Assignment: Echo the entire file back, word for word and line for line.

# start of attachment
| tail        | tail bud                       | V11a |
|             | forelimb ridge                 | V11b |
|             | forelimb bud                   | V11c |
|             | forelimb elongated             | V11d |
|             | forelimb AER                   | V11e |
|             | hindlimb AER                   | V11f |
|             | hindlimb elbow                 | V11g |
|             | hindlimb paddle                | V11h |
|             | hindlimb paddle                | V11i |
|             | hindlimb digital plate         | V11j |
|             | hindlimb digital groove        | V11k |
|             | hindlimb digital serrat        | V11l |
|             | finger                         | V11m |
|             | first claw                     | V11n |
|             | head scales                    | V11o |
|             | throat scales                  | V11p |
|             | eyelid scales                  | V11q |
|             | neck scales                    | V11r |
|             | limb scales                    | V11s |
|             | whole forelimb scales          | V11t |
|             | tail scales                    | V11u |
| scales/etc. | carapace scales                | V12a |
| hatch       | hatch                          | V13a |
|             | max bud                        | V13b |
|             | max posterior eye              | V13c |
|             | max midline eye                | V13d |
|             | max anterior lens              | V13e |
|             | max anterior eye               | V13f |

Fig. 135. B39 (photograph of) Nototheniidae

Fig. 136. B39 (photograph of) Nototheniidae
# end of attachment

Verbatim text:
| tail        | tail bud                       | V11a |
|             | forelimb ridge                 | V11b |
|             | forelimb bud                   | V11c |
|             | forelimb elongated             | V11d |
|             | forelimb AER                   | V11e |
|             | hindlimb AER                   | V11f |
|             | hindlimb elbow                 | V11g |
|             | hindlimb paddle                | V11h |
|             | hindlimb paddle                | V11i |
|             | hindlimb digital plate         | V11j |
|             | hindlimb digital groove        | V11k |
|             | hindlimb digital serrat        | V11l |
|             | finger                         | V11m |
|             | first claw                     | V11n |
|             | head scales                    | V11o |
|             | throat scales                  | V11p |
|             | eyelid scales                  | V11q |
|             | neck scales                    | V11r |
|             | limb scales                    | V11s |
|             | whole forelimb scales          | V11t |
|             | tail scales                    | V11u |
| scales/etc. | carapace scales                | V12a |
| hatch       | hatch                          | V13a |
|             | max bud                        | V13b |
|             | max posterior eye              | V13c |
|             | max midline eye                | V13d |
|             | max anterior lens              | V13e |
|             | max anterior eye               | V13f |

Fig. 135. B39 (photograph of) Nototheniidae

Fig. 136. B39 (photograph of) Nototheniidae